The only rule in this game is to have fun Softball: Pikesville youths can take as many swings as they need to hit the ball and round all the bases in "home runs" that don't count -- but who cares?


Reuben Posner's family had been back only 12 hours from a monthlong trip to Israel, but he had no intentions of giving in to jet lag.

Reuben had a softball game to play. "I missed a few games, but I'm back," said Reuben, sounding at age 12 like a pro just off the injured list. "It's fun."

Reuben is among 68 youths who have become obsessed with softball this summer in an informal, twice-a-week gathering behind Wellwood International School on Smith Avenue in Pikesville, launched by Debi Holzman -- also known as "the commish."

Holzman, a certified public accountant who lives near the school, started the games in June when her daughter Lisa, 10, lamented the end of her Little League baseball season.

"I called just a few neighborhood kids to see if they wanted to play," Holzman said. "Kids started wandering over to see what we were doing and they started playing, and before we know it, word had spread."

What began as a few innings quickly turned into an every-Monday-and-Thursday event where the only absolute rule is to have fun. Players range in age from 5 to 18, and Holzman -- wearing a white cap with the word "Commissioner" in gold letters -- chooses the sides, striving for fairness.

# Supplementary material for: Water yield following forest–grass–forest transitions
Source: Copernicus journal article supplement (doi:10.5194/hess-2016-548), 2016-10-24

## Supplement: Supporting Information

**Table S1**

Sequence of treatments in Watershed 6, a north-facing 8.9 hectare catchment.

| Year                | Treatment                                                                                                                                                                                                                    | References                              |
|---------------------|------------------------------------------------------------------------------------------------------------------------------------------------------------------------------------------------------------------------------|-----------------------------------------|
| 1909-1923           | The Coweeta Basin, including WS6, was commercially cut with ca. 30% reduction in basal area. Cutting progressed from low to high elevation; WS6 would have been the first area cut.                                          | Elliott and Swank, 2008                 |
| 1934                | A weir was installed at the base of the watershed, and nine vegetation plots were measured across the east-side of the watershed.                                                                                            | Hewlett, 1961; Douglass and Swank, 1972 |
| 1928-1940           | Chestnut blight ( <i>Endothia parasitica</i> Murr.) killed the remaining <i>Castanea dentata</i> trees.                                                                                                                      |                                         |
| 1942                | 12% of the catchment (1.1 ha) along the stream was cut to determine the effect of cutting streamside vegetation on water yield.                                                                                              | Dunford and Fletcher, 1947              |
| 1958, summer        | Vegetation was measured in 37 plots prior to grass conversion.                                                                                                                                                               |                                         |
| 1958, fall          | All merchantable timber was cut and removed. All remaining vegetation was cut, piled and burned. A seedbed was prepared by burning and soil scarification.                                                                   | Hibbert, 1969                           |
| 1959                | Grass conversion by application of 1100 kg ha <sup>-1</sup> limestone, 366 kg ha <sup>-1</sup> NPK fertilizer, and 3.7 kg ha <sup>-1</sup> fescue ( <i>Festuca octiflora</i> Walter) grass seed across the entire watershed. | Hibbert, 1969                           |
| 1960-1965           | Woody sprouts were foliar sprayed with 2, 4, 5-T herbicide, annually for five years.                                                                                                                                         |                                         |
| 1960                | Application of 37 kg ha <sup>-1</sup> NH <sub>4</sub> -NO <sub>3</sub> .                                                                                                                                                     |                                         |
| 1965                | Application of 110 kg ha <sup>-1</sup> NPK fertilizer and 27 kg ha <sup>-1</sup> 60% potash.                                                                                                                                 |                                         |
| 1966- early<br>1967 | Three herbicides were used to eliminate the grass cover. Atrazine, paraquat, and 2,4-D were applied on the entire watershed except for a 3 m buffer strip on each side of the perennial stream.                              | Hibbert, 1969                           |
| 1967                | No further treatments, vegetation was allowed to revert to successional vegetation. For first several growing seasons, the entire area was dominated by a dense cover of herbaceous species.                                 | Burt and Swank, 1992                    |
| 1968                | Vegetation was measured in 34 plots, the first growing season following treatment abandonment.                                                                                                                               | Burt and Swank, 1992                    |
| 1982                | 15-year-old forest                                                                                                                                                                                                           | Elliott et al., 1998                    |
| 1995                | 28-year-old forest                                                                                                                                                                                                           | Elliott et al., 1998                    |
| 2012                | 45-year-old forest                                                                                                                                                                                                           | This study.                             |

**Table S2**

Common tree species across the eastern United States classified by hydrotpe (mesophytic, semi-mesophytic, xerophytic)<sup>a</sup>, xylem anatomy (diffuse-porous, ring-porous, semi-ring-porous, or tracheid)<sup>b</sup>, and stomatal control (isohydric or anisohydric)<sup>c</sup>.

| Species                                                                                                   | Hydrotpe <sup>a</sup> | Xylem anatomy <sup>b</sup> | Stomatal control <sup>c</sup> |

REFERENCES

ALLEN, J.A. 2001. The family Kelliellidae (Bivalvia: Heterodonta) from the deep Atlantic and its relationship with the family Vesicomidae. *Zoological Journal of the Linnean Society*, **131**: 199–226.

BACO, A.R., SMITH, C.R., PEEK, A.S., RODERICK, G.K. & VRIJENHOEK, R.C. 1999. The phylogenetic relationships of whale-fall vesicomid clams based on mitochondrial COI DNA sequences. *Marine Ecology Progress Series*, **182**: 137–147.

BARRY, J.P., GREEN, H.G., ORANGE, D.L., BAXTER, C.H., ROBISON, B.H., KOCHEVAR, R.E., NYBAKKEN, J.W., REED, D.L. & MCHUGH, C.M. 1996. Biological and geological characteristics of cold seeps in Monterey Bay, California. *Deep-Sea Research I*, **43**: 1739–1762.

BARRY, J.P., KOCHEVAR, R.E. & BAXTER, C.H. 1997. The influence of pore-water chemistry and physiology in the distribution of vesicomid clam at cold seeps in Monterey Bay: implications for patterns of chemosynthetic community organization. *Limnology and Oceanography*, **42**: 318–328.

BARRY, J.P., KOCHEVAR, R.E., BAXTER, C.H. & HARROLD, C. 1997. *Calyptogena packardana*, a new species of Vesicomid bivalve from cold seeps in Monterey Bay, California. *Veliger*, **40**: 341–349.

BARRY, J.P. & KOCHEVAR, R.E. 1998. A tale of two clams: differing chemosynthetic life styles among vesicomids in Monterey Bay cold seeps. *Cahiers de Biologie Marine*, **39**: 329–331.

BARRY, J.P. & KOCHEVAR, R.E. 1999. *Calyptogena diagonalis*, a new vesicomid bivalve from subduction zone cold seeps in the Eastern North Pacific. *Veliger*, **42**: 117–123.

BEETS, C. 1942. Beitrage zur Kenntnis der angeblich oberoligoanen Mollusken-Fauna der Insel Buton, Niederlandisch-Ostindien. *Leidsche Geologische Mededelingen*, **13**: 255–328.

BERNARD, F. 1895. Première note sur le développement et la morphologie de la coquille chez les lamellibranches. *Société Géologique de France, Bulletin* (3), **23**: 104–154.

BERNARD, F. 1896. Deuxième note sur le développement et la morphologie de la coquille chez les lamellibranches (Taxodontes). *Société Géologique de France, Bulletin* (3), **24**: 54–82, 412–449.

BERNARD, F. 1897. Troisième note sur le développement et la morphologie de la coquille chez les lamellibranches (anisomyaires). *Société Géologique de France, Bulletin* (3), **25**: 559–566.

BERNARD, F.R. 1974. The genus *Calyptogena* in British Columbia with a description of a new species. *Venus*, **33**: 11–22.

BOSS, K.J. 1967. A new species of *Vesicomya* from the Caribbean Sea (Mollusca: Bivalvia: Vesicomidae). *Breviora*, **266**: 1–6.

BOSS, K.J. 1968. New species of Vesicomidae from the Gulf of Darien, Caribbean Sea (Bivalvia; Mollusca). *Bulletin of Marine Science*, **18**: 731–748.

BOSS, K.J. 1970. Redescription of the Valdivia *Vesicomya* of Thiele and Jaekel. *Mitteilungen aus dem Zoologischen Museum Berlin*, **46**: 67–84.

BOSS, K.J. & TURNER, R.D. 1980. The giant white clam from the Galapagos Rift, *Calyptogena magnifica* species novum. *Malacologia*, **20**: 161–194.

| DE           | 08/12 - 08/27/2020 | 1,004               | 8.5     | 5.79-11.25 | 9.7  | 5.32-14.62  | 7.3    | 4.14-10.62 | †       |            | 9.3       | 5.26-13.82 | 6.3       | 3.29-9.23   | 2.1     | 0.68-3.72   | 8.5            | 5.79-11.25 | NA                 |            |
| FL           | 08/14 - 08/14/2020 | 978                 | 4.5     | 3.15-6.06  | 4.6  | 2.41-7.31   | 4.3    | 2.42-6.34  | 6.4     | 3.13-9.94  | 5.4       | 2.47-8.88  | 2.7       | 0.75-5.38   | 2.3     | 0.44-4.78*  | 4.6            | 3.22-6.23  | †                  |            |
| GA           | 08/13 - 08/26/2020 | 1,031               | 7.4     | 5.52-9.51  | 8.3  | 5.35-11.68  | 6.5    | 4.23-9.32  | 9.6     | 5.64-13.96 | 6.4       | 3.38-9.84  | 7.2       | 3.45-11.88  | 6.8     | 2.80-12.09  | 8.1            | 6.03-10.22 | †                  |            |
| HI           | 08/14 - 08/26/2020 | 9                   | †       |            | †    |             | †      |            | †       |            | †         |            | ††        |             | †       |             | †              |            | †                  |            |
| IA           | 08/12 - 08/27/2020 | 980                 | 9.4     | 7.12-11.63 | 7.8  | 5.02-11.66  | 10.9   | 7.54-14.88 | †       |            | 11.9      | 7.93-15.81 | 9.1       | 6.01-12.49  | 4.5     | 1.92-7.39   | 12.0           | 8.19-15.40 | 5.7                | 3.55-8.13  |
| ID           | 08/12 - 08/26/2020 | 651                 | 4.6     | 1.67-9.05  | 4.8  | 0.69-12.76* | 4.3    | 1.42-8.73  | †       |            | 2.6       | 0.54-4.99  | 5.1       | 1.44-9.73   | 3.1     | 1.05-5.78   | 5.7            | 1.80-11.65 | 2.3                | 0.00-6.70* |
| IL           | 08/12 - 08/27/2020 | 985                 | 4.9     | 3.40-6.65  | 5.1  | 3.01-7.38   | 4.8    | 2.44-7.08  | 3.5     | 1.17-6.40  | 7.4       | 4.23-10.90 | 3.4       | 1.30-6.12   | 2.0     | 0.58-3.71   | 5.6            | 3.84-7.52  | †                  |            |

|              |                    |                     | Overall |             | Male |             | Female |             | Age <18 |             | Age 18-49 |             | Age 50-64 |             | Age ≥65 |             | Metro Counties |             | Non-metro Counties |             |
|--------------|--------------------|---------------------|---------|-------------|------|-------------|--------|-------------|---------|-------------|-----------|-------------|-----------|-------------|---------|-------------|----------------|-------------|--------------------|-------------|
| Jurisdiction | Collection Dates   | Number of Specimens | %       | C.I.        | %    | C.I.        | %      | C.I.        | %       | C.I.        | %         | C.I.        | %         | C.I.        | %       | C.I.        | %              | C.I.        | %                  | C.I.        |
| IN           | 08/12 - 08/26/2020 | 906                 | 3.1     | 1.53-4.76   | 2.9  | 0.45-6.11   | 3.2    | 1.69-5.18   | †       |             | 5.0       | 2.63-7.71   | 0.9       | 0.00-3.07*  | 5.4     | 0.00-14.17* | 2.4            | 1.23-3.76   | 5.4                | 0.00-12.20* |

"What's nice is that it's not threatening," Madlyn Kroll said as her daughter Cindy, 7, took the field. "I've heard people say Little League can be too competitive, but this is just for fun."

The games seem magical in their innocence.

The catcher has a backup catcher, and the pitcher gets two VTC "pitcher's helpers" to assist in fielding bunts or squibble-hits.

"Instructional" players are allowed to take as many swings as they need to hit the ball and round all the bases in "home runs" that don't count -- but who cares?

Holzman said she designed the game that way to include all the players. "Some of these kids had never played before they started playing with us," she said. "I wanted everyone to get a chance."

There's Sam Allen, for example -- all of 5 years old, and one of the tiniest of the instructional players. When he knocks the ball past first base on his third swing and motors around the bases, even the rival team cheers him on with cries of "Go Sam!"

"I just like to hit the ball," Sam said after his home run, tugging at his unorthodox but Orthodox baseball cap -- a yarmulke decorated with sports symbols. "I like being instructional 'cause then I get more swings and more hits."

And it's downright impossible for instructional players to strike out.

Sam's mother, Nina Allen, says the games allow children of all races and nationalities to interact in a positive environment.

"When Debi calls out the names for each team, there are Hebrew names mixed with American, Islamic and Arab names," Allen says. "Every child is welcome to play."

Hiba Hassan wants it known that she is no longer instructional. The 7-year-old who had never played before this summer now "trains" on the days the group doesn't play, she says.

As she steps up to bat, attired in a hot-pink shorts set and matching hair scrunchie, Hiba lets out a yell meant for the players in the farthest-out outfield: "I'm not instructional -- I'm a player!"

And to accent that point, she hits a drive past the pitcher and the pitcher's helpers and lopes into second base courtesy of a subsequent fielding error.

"I like it because it's exercise," Hiba said after scoring a run. "The hardest part is when I'm the catcher and I have to throw the ball in a straight line."

Pub Date: 8/21/96

Copyright © 2019, The Baltimore Sun, a Baltimore Sun Media Group publication | Place an Ad